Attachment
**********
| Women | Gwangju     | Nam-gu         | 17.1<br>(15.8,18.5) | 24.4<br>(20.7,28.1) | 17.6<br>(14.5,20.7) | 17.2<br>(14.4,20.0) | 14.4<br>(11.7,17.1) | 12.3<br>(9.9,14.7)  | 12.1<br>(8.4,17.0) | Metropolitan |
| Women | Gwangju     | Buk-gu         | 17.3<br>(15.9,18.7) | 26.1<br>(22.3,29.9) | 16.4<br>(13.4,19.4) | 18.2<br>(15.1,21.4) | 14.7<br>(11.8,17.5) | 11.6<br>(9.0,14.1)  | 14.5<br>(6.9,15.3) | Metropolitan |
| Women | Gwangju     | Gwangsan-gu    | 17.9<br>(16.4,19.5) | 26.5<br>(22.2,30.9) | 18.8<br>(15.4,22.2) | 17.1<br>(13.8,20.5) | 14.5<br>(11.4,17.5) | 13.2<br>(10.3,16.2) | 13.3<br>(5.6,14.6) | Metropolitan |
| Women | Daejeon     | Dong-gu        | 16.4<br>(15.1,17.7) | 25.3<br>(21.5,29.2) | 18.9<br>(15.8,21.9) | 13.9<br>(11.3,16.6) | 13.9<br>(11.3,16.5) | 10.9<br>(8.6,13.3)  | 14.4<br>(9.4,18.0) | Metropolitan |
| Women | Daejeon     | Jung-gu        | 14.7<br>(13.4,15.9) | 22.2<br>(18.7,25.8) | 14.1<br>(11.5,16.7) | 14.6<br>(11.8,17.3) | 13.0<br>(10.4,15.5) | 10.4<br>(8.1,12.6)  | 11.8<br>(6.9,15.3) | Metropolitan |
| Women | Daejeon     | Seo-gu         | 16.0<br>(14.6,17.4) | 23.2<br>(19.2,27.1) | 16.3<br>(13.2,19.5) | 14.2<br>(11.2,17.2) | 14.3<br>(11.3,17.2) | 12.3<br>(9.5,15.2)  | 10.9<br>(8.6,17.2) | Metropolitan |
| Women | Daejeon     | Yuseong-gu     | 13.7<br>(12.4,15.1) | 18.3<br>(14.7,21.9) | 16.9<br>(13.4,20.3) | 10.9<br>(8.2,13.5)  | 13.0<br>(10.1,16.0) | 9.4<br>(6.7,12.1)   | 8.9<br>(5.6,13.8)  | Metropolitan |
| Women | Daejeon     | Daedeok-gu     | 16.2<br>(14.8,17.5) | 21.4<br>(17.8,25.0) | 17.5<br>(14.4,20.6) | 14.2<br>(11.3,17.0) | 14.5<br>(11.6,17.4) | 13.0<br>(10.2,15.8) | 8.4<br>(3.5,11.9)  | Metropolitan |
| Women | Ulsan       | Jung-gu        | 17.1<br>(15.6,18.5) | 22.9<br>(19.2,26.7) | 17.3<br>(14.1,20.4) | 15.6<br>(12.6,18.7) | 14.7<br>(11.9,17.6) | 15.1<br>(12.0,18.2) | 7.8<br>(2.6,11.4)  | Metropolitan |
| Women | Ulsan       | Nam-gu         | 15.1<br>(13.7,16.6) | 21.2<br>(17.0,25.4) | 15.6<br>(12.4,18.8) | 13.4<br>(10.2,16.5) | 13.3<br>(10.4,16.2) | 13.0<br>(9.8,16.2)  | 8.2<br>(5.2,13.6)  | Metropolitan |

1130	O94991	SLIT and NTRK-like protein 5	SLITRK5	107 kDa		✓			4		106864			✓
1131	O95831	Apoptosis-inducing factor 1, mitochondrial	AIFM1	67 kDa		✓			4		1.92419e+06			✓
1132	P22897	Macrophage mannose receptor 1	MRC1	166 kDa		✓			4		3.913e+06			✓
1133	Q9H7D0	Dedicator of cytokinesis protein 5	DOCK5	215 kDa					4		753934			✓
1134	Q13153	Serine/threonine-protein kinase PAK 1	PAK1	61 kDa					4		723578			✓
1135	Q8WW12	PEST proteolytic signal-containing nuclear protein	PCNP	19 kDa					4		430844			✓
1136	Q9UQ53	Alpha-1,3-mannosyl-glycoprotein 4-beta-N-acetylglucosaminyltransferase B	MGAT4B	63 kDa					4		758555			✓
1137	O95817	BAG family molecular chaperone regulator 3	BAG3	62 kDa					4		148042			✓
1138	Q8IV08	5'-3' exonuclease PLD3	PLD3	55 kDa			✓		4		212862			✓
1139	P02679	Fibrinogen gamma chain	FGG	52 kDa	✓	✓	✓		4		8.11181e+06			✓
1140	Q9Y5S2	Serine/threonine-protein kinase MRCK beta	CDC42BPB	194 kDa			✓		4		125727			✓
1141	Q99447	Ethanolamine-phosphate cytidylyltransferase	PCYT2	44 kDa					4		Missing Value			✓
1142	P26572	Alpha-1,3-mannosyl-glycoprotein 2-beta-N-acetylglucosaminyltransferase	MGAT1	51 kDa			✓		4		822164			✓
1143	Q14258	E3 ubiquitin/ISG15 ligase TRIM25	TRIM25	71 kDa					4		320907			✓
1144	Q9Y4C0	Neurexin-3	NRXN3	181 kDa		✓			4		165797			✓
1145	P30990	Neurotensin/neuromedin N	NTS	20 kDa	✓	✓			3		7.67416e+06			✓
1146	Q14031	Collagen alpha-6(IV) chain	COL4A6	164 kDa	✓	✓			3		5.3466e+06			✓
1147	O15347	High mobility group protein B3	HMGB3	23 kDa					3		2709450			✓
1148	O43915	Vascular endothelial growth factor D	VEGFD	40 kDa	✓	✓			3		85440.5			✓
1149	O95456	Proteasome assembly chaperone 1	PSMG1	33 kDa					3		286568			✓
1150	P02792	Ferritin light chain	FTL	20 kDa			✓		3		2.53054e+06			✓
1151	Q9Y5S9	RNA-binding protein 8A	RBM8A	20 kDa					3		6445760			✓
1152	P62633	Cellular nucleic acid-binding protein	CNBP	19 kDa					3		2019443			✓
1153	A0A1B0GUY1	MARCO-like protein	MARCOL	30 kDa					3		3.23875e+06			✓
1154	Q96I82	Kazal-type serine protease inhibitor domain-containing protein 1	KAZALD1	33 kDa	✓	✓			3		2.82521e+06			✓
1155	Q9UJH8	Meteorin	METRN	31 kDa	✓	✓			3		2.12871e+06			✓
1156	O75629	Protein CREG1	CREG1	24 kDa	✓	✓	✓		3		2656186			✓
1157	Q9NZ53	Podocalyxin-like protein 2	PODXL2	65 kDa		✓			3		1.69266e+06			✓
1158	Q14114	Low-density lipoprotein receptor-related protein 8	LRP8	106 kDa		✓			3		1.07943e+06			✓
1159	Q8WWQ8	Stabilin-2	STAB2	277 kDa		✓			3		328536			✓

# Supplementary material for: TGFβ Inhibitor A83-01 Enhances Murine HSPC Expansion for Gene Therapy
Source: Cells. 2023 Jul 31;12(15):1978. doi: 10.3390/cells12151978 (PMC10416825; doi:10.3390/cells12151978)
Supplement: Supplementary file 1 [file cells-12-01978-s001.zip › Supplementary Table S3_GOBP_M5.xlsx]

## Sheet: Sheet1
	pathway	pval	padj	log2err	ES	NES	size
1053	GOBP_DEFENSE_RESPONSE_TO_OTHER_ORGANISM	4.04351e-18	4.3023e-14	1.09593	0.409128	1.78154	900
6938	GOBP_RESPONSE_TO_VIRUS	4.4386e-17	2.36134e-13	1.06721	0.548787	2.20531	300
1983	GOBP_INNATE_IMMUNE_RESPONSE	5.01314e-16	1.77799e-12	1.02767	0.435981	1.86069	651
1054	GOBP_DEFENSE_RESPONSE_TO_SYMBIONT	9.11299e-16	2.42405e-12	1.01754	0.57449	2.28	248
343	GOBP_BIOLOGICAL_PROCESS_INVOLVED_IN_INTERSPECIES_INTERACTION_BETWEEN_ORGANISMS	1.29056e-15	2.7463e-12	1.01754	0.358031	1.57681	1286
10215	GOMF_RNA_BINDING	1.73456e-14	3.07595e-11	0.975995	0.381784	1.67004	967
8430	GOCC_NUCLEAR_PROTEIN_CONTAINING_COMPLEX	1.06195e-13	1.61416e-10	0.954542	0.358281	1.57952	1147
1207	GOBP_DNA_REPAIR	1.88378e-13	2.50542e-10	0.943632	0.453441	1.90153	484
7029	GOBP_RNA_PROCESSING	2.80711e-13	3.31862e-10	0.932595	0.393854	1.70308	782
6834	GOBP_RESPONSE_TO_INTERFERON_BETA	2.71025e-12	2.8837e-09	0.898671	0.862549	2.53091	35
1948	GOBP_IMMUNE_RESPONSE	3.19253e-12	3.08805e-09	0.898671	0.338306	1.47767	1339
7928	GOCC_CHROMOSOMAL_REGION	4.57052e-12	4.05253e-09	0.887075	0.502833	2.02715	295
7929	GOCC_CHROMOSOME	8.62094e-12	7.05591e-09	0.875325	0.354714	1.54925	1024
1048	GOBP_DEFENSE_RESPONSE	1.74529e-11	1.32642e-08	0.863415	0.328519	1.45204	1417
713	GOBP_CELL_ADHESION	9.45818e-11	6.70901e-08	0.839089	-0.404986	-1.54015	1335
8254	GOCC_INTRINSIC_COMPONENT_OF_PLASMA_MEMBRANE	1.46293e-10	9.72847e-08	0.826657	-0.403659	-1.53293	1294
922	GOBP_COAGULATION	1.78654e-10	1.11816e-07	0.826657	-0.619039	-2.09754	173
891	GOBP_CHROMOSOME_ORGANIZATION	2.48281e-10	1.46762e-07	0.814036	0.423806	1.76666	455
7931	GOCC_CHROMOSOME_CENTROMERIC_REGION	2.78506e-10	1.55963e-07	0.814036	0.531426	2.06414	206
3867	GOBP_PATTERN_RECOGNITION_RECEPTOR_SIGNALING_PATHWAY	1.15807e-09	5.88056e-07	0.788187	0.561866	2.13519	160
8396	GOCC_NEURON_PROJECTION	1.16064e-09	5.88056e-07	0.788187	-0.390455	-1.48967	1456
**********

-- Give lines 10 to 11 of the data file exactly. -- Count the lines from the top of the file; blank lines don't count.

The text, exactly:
| Women | Ulsan       | Nam-gu         | 15.1<br>(13.7,16.6) | 21.2<br>(17.0,25.4) | 15.6<br>(12.4,18.8) | 13.4<br>(10.2,16.5) | 13.3<br>(10.4,16.2) | 13.0<br>(9.8,16.2)  | 8.2<br>(5.2,13.6)  | Metropolitan |

1130	O94991	SLIT and NTRK-like protein 5	SLITRK5	107 kDa		✓			4		106864			✓